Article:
Prerequisite(s): Bilingual Spanish and English section.

FSS-125B Mindfullness Strategies (2 credits)

In our busy day-to-day lives, we are sometimes challenged to balance all our responsibilities. This can lead to occasional anxiety and stress. What might our lives be like if we could find ways to slow down, relax into the present moment, and cultivate a greater sense of inner calm? In this section of FSS-125, we will explore ways to use mindfulness strategies to discover more effective ways to balance our daily responsibilities, ...and find joy along the way!

FSS-125C Rise Up: Women in Leadership (2 credits)

Every day we make choices. What should I eat? How much time should I use for fun, for work, for exercise, for sleep? Should I buy this? The list goes on, and the sum of these choices add up to our lifestyle. One criteria we might use to make our choices is sustainability, but how do we know what is and isn't sustainable? Sustainability is not easily described because it can be looked at from many different perspectives including; energy, money, resources, time, or even community. This class will look at both personal and community issues, and evaluate how we may choose to be more or less sustainable, and why we make these choices.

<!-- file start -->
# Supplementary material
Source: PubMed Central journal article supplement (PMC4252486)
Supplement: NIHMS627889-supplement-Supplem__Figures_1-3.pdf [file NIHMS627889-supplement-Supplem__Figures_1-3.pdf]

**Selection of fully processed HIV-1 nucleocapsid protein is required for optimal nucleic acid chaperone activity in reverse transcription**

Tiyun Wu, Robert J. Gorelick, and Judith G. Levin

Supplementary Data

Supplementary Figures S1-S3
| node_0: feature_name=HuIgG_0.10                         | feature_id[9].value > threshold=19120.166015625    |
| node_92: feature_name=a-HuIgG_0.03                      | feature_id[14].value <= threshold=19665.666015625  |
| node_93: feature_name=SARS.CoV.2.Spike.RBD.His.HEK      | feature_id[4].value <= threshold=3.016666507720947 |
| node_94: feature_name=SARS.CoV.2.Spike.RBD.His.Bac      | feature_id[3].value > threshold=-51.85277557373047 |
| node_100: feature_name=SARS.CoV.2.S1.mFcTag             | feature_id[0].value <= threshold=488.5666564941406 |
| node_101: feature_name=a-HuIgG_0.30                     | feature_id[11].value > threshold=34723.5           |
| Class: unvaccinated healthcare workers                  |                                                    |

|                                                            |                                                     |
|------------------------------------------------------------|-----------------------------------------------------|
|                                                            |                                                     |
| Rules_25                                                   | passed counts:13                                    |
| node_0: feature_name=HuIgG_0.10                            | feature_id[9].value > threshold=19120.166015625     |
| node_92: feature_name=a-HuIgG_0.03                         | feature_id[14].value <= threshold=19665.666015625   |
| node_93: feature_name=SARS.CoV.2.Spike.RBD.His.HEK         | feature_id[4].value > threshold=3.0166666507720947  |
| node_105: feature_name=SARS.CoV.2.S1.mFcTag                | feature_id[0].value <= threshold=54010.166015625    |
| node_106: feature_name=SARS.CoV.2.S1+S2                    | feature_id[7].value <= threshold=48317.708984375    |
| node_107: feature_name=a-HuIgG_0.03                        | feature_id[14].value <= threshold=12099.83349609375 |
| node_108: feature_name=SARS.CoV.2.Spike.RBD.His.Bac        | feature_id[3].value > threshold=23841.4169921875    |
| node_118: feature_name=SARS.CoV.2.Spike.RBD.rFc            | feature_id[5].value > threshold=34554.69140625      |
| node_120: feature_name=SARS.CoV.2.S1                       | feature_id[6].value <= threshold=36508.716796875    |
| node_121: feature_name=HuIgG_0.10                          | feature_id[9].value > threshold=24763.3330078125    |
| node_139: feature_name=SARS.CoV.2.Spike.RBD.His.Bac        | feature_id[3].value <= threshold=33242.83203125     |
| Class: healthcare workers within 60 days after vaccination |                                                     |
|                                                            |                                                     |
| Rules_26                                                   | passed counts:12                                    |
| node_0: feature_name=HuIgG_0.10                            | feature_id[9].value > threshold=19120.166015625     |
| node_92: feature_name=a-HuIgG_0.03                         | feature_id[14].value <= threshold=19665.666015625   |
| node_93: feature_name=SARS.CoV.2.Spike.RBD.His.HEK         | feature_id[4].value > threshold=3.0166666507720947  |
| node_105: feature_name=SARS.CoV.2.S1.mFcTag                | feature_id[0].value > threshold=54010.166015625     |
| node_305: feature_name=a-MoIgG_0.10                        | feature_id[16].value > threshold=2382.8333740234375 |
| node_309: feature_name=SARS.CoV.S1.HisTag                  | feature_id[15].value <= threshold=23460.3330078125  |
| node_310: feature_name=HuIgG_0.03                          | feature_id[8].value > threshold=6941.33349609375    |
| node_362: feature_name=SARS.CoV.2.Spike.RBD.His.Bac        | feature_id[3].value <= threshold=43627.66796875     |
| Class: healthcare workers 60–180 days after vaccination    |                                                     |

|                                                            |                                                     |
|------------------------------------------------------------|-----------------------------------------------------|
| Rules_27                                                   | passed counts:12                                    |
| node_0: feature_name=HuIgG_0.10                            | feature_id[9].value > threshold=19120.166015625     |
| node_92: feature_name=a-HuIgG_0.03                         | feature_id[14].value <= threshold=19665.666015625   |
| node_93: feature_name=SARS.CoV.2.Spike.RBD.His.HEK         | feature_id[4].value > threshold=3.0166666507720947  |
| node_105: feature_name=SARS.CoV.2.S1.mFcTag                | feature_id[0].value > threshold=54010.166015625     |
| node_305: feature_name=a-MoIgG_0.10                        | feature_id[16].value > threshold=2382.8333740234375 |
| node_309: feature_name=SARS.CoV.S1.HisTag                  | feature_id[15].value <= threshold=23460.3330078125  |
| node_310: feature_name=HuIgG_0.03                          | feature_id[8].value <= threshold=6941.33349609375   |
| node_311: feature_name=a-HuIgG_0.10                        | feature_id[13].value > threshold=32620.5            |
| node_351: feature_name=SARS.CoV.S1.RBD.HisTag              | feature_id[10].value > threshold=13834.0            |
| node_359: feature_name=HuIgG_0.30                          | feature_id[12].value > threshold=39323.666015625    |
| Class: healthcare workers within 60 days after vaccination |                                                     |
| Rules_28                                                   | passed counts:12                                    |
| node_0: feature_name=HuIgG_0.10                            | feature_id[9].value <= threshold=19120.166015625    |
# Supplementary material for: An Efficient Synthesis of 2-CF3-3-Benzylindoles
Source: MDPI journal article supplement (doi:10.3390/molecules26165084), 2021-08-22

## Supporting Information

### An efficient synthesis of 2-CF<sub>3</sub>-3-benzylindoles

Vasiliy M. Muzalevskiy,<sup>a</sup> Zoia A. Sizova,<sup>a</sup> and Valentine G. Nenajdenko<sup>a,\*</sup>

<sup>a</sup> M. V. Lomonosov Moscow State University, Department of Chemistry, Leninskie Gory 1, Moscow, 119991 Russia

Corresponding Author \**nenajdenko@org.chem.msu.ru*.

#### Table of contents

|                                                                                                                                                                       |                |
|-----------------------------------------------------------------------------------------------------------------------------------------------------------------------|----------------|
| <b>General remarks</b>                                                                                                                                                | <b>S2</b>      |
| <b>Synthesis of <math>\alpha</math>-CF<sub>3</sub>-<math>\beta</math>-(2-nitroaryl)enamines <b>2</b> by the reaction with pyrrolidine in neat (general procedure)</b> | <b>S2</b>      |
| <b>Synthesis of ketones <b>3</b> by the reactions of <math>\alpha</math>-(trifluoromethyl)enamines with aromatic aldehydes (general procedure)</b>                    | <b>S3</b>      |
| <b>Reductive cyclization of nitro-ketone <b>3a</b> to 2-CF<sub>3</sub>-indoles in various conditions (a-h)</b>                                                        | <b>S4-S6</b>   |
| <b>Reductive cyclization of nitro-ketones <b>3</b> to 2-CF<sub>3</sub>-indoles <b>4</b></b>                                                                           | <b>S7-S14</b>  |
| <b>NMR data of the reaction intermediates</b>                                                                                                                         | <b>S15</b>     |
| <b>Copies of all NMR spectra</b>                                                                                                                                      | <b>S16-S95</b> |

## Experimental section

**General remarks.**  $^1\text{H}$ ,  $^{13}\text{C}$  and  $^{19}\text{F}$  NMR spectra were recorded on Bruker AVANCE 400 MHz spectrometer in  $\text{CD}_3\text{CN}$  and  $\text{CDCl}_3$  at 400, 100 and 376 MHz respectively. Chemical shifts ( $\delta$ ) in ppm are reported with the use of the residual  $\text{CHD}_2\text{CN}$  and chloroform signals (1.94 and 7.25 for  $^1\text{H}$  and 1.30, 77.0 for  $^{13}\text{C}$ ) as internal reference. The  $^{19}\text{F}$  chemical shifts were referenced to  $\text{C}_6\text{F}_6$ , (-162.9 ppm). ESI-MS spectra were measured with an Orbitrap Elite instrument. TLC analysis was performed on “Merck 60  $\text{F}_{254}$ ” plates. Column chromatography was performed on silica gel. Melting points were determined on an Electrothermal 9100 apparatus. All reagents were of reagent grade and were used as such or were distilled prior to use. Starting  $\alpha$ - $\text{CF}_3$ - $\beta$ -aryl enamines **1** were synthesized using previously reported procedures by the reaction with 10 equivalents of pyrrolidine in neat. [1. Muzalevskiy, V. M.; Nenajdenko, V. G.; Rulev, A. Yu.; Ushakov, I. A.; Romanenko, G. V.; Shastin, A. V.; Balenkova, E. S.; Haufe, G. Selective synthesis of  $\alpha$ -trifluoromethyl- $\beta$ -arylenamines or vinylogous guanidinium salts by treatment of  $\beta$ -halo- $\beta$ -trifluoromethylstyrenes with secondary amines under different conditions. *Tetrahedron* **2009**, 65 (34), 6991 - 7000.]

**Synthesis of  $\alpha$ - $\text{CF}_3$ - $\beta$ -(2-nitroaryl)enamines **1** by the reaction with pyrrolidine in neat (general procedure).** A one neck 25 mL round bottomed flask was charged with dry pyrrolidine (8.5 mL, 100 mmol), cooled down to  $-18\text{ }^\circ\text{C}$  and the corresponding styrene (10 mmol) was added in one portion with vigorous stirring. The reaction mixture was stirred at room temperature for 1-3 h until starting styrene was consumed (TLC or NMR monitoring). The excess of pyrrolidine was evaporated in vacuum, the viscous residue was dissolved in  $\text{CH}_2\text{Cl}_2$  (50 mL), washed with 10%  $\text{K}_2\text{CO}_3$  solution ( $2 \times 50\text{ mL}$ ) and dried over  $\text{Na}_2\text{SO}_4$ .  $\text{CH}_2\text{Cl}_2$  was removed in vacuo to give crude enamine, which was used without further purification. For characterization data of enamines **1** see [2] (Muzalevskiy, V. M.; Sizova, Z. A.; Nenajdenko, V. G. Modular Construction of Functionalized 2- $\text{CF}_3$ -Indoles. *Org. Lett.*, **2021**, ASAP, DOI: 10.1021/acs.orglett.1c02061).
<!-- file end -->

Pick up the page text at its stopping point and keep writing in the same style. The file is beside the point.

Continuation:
FSS-125D Women in Graphic Novels (2 credits)

Does science lead to justice? In this section of the First-Semester Seminar, we will learn and practice college-level academic skills through the theme of issues in forensic science. What constitutes valid evidence for criminal investigations? How are various types of evidence collected and interpreted by law enforcement and the judicial system? When has evidence been misused? You will get a chance to work with some basic forensic techniques. We will read a book on forensic science and various articles about specific controversies, such the use of DNA data from a genealogy company to capture the Golden State Killer. Some material may be disturbing.

Prerequisite(s): Course open to CAE students invited by faculty only.

FSS-125E Surviving the ZombieApocalypse (2 credits)